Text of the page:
By:  Read Van De Water


Procedures for Compensation of Air Carriers

OST-01-10885 February 11, 2002 Comments of Deaconess Billings Clinic Procedures for Compensation of Air Carriers

By:  Deaconess Billings Clinic, Christy Baxter


Procedures for Compensation of Air Carriers

OST-01-10885 February 11, 2002 Comments of Life Flight Program Procedures for Compensation of Air Carriers

By:  Life Flight Program, Linda Munyer

OST-01-10885 February 12, 2002 Request of NY/NJ Foreign Freight Forwarders, JFK Airport Customs Brokers and SouthFlorida Non-Vessel-Operating Common Carriers for Extension of Time to Submit Compensation Applications Procedures for Compensation of Air Carriers
      Service List   

On behalf of our clients, The New York/New Jersey Foreign Freight Forwarders and Brokers Association, Inc., the J.F.K. Airport Customs Brokers Association, Inc. and the South Florida Non-Vessel-Operating Common Carriers and Non-Aircraft-Operating Common Carriers Association, Inc., we enclose an original and ten (10) copies of a Request for Extension of Time to Submit Compensation Applications

By:  Rodriguez O'Donnell, Carlos Rodriguez, 202.973.2999, rodriquez@rofgw.com


Procedures for Compensation of Air Carriers

OST-01-10885 January 13, 2002
Docketed February 12, 2002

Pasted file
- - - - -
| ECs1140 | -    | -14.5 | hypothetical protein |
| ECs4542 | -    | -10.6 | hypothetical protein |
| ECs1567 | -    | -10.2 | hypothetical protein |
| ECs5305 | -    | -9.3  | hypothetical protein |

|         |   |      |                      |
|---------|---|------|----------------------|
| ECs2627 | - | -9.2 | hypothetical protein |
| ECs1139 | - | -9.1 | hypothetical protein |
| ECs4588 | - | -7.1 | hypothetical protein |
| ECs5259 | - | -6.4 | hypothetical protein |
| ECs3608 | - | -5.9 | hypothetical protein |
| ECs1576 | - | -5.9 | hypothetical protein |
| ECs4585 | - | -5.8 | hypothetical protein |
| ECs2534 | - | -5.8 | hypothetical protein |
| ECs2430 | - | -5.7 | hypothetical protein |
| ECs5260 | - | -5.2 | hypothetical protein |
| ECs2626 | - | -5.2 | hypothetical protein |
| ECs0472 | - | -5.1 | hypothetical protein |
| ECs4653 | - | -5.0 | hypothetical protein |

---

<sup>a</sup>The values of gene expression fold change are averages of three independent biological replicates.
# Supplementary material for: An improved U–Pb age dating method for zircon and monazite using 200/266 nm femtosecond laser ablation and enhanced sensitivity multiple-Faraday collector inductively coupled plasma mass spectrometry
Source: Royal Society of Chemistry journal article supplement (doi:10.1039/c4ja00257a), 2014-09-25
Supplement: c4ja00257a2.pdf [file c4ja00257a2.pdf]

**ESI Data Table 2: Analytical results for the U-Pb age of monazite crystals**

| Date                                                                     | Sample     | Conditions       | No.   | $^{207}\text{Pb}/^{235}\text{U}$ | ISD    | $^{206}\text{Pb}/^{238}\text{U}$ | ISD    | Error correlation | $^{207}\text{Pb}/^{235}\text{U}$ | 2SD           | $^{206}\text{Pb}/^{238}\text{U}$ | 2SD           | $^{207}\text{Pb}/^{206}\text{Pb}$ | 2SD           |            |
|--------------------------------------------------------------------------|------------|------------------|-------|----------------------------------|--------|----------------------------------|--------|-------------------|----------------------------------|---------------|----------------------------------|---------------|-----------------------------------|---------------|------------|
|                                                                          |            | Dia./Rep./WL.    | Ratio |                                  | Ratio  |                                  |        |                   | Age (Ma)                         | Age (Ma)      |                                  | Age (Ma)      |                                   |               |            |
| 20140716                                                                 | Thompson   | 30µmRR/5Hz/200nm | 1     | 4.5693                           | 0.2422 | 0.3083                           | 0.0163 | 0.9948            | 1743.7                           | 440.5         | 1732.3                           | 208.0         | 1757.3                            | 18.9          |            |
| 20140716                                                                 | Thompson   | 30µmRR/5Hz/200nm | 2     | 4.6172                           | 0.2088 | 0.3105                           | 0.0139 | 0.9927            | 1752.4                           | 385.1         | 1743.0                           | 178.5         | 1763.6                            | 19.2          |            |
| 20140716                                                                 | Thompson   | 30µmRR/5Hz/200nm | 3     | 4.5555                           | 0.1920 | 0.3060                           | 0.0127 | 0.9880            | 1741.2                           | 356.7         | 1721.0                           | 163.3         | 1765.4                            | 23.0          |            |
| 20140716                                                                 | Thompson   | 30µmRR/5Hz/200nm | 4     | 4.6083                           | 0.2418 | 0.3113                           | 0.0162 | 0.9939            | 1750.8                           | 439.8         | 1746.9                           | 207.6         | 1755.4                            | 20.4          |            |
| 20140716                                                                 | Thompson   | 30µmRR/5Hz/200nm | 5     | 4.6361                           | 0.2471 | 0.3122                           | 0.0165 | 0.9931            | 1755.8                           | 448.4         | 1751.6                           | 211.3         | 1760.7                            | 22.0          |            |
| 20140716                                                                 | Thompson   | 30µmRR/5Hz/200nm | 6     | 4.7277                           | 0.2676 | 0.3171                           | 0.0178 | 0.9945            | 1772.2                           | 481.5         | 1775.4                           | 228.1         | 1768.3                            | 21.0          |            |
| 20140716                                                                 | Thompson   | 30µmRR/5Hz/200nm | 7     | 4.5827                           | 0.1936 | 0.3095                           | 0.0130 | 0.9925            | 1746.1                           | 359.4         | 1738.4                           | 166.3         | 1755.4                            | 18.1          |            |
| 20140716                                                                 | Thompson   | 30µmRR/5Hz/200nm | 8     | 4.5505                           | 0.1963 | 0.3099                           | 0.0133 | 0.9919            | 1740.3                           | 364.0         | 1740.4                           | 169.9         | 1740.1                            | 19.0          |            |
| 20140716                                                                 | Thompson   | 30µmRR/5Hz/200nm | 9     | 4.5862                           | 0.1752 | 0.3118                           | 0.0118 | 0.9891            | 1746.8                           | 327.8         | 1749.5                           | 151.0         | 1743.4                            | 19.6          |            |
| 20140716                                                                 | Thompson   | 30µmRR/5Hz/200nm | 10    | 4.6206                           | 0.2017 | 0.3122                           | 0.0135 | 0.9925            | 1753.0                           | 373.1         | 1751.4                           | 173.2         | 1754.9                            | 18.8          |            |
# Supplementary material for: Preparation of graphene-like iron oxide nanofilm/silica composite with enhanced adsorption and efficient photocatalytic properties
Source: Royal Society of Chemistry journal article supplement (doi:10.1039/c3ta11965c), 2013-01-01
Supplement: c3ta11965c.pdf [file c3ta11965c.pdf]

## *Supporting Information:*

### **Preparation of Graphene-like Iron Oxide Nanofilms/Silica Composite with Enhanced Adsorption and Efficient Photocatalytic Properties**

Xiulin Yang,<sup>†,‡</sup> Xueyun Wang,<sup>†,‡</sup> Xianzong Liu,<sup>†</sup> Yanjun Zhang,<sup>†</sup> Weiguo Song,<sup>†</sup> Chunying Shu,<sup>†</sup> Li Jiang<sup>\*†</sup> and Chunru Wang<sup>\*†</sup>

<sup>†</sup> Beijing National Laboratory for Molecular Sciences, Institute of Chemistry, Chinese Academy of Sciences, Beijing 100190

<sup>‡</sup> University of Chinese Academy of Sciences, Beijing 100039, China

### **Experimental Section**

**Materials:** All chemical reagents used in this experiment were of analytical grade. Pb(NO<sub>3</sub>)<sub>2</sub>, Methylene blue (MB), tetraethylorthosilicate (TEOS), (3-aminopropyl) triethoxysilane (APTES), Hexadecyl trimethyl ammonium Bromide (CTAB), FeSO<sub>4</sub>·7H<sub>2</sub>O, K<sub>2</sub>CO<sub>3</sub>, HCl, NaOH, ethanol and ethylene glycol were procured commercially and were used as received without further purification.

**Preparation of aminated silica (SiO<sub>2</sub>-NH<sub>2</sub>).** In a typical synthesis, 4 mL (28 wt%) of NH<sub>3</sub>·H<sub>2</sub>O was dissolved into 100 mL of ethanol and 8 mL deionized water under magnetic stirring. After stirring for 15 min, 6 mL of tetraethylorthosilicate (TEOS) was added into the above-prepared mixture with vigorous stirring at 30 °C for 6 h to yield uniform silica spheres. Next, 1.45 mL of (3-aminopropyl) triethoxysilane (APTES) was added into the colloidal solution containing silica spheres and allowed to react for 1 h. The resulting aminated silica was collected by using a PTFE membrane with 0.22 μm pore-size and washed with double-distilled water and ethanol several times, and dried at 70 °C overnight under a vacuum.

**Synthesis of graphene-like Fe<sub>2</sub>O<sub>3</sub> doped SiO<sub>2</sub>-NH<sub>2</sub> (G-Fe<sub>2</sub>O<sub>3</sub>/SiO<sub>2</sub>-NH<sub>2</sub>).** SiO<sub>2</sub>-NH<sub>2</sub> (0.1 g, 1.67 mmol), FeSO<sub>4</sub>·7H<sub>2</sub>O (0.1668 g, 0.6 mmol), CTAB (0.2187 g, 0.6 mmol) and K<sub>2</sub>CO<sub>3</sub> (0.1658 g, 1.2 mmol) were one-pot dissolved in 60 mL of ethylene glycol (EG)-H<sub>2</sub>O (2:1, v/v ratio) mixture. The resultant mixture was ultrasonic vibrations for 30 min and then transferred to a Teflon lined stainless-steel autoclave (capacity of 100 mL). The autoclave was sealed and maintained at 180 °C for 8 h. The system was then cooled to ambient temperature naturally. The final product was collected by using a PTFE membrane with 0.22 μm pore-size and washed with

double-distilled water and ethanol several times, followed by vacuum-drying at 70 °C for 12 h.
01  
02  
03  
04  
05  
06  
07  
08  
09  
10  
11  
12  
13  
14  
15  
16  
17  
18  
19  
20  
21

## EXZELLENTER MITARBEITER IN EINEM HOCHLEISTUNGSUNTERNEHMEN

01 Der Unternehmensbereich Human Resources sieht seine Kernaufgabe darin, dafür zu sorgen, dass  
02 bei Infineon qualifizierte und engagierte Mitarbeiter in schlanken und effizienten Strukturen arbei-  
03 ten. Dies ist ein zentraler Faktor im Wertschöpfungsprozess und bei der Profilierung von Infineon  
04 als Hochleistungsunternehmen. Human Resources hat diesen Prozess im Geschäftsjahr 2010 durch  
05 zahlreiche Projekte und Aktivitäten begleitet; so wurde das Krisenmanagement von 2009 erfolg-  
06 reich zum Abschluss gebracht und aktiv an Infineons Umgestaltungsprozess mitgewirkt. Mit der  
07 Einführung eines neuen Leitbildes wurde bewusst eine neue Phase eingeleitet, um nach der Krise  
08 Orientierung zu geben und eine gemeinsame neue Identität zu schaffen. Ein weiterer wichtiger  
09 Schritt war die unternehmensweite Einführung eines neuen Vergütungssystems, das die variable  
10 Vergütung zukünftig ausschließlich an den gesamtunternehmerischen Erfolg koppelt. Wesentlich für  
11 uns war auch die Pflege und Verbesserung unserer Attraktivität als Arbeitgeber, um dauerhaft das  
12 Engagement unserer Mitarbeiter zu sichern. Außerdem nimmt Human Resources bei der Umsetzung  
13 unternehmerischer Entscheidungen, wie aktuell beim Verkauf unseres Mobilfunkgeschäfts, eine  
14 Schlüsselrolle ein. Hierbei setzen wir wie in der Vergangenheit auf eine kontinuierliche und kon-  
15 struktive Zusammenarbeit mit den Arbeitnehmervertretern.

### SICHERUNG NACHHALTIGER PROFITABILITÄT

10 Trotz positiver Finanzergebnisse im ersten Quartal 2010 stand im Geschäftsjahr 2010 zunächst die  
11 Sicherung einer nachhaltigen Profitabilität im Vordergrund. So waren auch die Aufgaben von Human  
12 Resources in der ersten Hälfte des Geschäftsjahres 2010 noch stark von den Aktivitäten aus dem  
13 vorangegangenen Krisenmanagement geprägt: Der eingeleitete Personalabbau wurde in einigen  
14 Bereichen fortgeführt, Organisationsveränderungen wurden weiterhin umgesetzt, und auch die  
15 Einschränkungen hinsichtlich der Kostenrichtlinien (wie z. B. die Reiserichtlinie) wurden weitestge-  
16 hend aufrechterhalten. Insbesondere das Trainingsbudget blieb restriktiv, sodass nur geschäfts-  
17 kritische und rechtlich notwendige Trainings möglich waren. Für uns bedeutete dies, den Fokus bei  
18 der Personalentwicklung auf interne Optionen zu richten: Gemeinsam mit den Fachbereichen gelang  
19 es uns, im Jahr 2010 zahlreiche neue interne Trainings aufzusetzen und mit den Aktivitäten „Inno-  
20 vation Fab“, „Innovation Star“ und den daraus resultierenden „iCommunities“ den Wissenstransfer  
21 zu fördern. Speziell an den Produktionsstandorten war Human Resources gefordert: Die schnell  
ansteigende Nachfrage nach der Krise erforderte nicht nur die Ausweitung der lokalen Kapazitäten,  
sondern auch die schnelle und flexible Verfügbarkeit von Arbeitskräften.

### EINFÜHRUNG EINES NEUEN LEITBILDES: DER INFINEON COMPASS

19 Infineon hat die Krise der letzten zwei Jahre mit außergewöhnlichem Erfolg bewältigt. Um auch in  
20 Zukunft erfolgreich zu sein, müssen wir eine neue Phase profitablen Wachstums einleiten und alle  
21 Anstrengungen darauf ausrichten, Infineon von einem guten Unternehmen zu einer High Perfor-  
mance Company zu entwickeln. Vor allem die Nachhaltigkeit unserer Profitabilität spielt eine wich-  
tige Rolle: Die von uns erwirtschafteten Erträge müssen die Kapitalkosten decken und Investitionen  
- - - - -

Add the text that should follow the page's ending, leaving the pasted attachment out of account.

Comments of Star Care V Procedures for Compensation of Air Carriers

By:  Star Care V, Wendy Wells

OST-01-10885 January 14, 2002
Docketed February 12, 2002
Comments of Cal-Ore Life Flight Procedures for Compensation of Air Carriers

By:  Cal-Ore Life Flight, Dan Brattain

OST-01-10885 January 14, 2002
Docketed February 12, 2002
Comments of Albany Med Flight Procedures for Compensation of Air Carriers

By:  Albany Med Flight, Tina Giangrasso

OST-01-10885 January 14, 2002
Docketed February 12, 2002
Comments of Westchester Medical Center Procedures for Compensation of Air Carriers

By:  Westchester Medical Center, Ted Tully

OST-01-10885 January 11, 2002
Docketed February 12, 2002
Comments of Critical Air Medicine Procedures for Compensation of Air Carriers

By:  Critical Air Medicine, Dennis Brozowski

OST-01-10885 January 14, 2002
Docketed February 13, 2002
Comments of Inova Fairfax Hospital Procedures for Compensation of Air Carriers

By:  Inova Fairfax Hospital, Shirley Riggsbee


Procedures for Compensation of Air Carriers

OST-01-10885 January 11, 2002 Comments of Wiggins Airways Procedures for Compensation of Air Carriers

By:  Wiggins Airways


Procedures for Compensation of Air Carriers

OST-01-10885 February 15, 2002 Supplemental Comments of BAX Global Procedures for Compensation of Air Carriers